Freddy caught crap all the time. Mr. Muller liked gathering Freddy's friends together and complaining about his son. We loved Freddy, so we'd humor Dad to keep him off Freddy's back. Most dads complained to your friends about you when they could, it was a standard Yorkville practice.

The day after the party, I snuck back to the cellar with a girl I liked from my St. Stephen's eighth grade class. We were freshman in high school moving in different directions but our flirting continued.

Aquarium dim light lit the damp cellar, we could smell the steam pipes and hear them sizzling. It was Sunday morning, everything else was quiet. We'd left our stereo equipment & records down there the night before. There was no furniture except the card table the music sat on. Everyone took home the folding chairs they borrowed from their houses.

I put on the Beatles White Album ~Long, Long, Long, by George Harrison, a close dancing song, I thought. I awkwardly moved into position, put my cheek against the nape of the girl's neck, slid my cheek up against her cheek and eased my mouth up. I blindly tried to find her lips, it worked. It felt amazing, my head spun, I think I temporarily lost consciousness, then my throat closed. I felt warm all over my head, neck, chest and arms. I was swelling up like a Macy's Thanksgiving Parade float. Then lumps appeared. My throat was on fire, not good fire.

"What's wrong with you?" The girl asked.

"I, I, I, I don't know."

"Well you're scaring me, stop it!" she said.

This wasn't helping, I needed someone to say, "You're going to be O.K." She was panicking, which is never one of my calm down triggers.

"Stop what you're doing!" she said.

This got me mad, but it worked. Whatever excitement I had over the kiss passed, my hives eased and my heart slowed down.

My next kiss was uneventful.


The piano on Long, Long, Long sounds an awful lot like, Go Now, by the Moody Blues but don't blame George, Chris Thomas, George Martin's assistant, is playing piano.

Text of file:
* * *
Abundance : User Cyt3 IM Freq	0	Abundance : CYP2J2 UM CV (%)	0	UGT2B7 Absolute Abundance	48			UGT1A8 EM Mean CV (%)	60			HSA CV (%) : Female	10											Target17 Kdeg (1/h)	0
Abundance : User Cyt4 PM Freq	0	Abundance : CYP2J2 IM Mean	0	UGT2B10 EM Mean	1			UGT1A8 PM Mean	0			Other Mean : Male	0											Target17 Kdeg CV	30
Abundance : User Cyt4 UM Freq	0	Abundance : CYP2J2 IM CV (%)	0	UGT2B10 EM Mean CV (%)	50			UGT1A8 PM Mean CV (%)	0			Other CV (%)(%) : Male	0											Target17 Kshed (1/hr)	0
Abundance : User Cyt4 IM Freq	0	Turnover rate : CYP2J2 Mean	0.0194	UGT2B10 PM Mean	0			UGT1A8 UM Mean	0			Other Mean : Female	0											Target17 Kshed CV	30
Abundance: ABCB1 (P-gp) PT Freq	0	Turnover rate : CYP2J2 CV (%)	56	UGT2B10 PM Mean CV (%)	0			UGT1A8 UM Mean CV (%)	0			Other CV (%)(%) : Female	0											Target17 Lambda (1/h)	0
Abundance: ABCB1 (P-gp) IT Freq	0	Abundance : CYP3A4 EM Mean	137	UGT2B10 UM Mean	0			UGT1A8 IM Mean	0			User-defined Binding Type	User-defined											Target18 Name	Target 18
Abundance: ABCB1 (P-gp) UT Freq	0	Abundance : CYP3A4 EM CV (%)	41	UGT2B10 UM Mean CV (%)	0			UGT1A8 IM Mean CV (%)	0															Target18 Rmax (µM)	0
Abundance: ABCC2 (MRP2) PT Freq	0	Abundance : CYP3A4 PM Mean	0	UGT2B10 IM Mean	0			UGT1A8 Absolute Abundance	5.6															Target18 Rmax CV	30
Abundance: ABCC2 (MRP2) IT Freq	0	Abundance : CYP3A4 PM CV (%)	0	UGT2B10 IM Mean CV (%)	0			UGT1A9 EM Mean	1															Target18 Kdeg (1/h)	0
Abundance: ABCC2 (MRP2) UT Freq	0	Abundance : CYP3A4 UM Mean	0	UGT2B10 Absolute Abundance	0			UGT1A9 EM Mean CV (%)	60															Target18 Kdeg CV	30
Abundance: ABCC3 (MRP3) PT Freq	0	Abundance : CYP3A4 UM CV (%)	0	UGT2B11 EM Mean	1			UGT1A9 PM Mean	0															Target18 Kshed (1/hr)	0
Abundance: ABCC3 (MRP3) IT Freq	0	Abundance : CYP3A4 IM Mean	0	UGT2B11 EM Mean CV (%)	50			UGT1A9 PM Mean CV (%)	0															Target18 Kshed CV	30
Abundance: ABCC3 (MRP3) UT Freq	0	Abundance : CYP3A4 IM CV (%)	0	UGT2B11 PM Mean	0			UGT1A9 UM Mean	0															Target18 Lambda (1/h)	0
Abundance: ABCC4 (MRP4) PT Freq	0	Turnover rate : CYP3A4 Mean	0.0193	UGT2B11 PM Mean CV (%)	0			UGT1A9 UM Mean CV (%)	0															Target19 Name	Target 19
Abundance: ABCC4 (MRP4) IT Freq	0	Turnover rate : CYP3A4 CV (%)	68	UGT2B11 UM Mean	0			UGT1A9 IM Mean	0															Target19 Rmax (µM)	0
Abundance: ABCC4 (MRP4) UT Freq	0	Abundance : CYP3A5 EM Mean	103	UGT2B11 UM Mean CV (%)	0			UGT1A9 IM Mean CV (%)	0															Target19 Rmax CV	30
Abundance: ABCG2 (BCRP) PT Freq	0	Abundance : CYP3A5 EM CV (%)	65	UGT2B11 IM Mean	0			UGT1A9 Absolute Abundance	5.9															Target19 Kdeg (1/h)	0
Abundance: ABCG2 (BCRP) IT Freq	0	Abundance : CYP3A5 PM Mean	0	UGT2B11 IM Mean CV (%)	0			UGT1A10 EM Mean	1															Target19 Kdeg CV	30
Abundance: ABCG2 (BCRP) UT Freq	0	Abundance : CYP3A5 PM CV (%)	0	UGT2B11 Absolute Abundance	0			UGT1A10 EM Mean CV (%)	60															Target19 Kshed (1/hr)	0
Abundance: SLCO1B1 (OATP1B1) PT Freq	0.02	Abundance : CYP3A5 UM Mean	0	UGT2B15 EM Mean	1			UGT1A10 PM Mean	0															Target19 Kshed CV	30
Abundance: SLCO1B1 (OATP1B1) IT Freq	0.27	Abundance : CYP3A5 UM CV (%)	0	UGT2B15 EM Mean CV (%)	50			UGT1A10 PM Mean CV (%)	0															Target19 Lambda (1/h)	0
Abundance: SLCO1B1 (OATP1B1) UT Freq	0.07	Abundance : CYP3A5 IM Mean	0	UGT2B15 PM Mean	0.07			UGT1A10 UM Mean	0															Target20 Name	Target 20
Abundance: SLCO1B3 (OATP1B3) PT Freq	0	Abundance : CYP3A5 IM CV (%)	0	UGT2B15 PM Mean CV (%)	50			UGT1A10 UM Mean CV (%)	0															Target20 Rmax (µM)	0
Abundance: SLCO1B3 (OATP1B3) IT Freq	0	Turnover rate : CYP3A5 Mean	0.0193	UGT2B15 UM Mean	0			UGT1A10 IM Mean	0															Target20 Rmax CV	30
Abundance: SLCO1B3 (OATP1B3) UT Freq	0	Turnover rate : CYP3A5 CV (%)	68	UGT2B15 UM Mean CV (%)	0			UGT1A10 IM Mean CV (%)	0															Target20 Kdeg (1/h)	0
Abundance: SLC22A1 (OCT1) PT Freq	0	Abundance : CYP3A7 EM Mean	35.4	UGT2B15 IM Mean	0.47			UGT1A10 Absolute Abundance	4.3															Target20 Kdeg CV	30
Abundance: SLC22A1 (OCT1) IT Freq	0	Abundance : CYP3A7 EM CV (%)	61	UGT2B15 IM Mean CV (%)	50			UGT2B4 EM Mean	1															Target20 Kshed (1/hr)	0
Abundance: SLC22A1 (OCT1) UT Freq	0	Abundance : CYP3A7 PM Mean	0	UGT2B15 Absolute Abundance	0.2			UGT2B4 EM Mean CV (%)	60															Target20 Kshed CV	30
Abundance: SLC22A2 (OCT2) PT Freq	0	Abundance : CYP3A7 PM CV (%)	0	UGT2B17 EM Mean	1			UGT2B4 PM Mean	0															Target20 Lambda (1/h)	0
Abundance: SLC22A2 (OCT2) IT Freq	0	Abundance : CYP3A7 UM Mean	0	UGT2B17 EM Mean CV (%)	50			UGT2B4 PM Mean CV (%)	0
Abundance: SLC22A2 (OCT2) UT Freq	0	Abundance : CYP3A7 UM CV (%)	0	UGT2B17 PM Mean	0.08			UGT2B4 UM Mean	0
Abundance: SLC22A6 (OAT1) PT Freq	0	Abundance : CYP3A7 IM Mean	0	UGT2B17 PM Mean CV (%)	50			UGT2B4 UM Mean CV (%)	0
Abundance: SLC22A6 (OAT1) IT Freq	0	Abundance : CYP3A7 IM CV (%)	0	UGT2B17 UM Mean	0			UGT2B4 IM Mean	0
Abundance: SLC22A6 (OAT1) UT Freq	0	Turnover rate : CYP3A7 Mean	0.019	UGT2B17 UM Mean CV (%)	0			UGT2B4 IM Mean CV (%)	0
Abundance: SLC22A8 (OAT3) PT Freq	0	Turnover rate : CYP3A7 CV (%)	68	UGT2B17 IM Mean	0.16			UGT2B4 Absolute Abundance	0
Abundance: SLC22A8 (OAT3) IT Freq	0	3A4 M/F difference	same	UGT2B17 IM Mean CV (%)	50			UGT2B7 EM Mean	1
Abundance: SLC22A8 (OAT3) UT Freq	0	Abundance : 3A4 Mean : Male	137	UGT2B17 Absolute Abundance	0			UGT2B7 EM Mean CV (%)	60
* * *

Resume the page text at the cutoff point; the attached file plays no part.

It's been a long long long time.
How could I ever have lost you?
When I loved you.
It took a long long long time,
Now I'm so happy I found you.
How I love you.
So many years I was searching,
So many tears I was wasting,
Oh, Oh--
Now I can see you,
be you
How can I ever misplace you?
How I want you.
Oh, I love you.
You know that I need you.
Ooh, I love you.


Listen to Michele Carlo & I talk neighborhoods & "Fish Out of Agua" on my Centanni Yorkville: Stoops to Nuts radio archive link below:

If you enjoy this blog please vote for it in Category #5 "Best Neighborhood Blog, " in the Village Voice 2010 Web Awards at this link:

Wednesday, November 17, 2010

Wild In The Streets

On Lexington Avenue last night, inside Giovanna's Restaurant near the parish of St. Lucy's in East Harlem, Michele Carlo & I read from her terrific memoir, "Fish Out Of Agua." Michele's rich neighborhood tales are drenched in humor and pathos. We went back to 1944, and forward to the recent past. Always present in Michele's stories are family, friends, and characters, and the places we live that connect us all.

Thank you, Michele, for a great show, come back to Yorkville soon, Tommy

ps. a Garland Jeffreys song, "Wild In The Streets." Garland channels the spirit of New York City with ease and passion.